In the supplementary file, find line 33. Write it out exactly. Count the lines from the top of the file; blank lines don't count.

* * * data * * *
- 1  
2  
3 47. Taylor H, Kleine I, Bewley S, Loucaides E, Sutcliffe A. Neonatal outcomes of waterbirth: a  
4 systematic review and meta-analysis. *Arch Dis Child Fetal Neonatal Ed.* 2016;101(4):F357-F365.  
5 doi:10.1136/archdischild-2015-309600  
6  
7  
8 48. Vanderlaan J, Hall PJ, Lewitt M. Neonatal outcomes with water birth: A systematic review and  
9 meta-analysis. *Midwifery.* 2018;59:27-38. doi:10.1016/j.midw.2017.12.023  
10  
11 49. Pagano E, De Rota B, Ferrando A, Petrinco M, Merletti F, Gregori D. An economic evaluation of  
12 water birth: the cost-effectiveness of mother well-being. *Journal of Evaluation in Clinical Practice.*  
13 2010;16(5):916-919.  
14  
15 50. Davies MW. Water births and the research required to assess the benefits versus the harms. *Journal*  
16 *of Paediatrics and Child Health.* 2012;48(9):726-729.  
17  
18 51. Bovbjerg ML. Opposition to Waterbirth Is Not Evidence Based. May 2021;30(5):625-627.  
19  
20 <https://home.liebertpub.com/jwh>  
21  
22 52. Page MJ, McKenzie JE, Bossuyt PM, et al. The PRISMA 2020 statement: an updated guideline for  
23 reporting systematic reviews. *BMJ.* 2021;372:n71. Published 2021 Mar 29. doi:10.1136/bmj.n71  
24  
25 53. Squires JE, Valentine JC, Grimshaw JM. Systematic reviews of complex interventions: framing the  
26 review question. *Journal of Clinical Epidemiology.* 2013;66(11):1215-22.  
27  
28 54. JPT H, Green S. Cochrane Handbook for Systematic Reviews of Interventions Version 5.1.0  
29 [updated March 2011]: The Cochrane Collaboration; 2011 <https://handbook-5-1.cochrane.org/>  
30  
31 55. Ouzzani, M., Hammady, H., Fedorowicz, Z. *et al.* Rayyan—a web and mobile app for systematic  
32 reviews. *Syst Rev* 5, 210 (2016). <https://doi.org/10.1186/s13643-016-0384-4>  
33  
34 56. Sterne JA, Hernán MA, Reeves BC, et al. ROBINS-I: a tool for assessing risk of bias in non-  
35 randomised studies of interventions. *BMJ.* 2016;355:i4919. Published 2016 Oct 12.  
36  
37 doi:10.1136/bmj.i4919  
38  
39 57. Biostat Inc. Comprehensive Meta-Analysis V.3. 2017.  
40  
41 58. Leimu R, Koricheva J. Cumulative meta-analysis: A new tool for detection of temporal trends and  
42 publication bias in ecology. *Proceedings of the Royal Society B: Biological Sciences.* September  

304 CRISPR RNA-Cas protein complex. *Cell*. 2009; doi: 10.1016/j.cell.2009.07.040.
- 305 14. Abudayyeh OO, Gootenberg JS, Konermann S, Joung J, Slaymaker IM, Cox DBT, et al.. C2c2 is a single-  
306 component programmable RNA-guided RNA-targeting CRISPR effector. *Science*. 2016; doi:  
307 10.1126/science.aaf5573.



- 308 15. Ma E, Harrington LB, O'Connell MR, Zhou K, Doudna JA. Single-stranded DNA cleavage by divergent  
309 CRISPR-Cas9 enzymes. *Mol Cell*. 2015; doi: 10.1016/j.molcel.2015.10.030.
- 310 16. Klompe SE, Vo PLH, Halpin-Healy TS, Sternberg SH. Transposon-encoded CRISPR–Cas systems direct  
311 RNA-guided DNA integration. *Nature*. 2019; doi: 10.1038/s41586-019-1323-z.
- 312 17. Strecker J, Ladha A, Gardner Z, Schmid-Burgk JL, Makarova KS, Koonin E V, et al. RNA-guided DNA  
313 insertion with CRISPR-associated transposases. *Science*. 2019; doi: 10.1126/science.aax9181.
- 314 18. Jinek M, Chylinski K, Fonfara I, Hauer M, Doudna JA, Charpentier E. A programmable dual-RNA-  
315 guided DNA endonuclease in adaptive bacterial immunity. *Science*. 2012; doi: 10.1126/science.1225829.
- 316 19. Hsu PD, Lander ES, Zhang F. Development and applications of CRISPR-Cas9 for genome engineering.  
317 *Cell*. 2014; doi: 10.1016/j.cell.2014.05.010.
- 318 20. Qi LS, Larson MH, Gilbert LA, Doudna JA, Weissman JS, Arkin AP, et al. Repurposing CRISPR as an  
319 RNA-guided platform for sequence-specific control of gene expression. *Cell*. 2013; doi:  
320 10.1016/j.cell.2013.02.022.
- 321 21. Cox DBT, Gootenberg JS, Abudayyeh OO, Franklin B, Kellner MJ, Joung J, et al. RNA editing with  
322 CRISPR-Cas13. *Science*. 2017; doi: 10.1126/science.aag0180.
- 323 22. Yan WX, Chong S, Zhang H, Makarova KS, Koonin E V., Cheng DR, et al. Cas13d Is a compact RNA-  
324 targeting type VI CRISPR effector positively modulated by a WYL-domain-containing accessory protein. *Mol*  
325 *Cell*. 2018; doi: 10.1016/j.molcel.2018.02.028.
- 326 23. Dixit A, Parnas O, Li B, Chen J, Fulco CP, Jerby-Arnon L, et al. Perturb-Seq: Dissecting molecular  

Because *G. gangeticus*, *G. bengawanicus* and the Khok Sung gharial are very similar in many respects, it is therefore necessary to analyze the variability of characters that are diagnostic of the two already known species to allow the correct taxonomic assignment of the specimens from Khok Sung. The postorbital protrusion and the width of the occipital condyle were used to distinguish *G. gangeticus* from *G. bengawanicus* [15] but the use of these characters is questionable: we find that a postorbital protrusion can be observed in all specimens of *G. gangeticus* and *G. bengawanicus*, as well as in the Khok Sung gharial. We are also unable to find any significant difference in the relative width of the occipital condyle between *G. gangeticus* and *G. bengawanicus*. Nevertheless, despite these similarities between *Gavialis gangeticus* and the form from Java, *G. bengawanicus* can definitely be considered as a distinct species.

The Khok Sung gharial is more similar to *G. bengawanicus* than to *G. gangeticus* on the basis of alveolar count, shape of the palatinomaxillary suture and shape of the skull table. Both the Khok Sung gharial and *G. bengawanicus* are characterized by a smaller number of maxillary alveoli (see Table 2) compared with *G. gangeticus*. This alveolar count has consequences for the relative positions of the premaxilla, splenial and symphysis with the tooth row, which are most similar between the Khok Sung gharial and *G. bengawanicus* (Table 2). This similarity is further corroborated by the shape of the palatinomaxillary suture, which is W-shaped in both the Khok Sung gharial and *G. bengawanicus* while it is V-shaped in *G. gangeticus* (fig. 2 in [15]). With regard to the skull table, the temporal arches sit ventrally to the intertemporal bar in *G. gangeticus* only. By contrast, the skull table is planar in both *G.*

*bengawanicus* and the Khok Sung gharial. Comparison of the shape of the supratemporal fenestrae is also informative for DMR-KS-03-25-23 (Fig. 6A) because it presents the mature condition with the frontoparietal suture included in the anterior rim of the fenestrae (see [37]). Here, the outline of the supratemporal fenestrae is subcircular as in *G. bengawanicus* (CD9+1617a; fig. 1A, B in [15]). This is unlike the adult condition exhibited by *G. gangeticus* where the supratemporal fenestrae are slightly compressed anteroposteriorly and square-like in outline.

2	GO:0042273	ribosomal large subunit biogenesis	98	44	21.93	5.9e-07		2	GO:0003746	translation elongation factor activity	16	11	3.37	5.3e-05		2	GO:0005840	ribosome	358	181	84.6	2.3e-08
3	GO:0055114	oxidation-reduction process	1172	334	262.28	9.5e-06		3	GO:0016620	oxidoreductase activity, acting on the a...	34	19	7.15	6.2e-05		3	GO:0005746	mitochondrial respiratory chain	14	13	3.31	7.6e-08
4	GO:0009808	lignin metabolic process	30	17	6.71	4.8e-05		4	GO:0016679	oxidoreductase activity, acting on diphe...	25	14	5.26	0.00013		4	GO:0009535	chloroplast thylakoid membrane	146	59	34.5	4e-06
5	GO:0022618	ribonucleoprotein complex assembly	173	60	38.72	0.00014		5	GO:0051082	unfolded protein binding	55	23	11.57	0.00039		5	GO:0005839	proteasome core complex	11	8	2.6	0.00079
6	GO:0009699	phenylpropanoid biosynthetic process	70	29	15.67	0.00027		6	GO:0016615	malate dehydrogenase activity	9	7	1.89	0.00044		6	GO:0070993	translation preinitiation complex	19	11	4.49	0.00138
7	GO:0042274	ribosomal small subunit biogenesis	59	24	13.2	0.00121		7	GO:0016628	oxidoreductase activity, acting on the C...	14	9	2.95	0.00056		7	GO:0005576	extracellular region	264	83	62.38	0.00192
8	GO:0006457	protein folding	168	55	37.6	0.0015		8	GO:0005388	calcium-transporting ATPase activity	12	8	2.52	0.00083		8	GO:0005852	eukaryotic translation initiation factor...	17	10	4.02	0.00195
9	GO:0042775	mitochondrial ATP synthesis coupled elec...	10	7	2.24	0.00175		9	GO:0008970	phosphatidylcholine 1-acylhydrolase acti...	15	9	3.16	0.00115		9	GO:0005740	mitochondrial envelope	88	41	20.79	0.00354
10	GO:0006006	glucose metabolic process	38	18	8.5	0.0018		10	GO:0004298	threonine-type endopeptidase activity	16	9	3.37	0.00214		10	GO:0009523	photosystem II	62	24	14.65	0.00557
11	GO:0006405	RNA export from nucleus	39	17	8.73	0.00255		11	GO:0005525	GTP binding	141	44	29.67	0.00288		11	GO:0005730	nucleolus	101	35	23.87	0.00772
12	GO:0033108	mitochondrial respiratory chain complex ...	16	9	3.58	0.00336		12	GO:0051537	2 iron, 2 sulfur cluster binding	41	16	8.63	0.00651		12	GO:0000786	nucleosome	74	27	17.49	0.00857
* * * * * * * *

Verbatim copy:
33  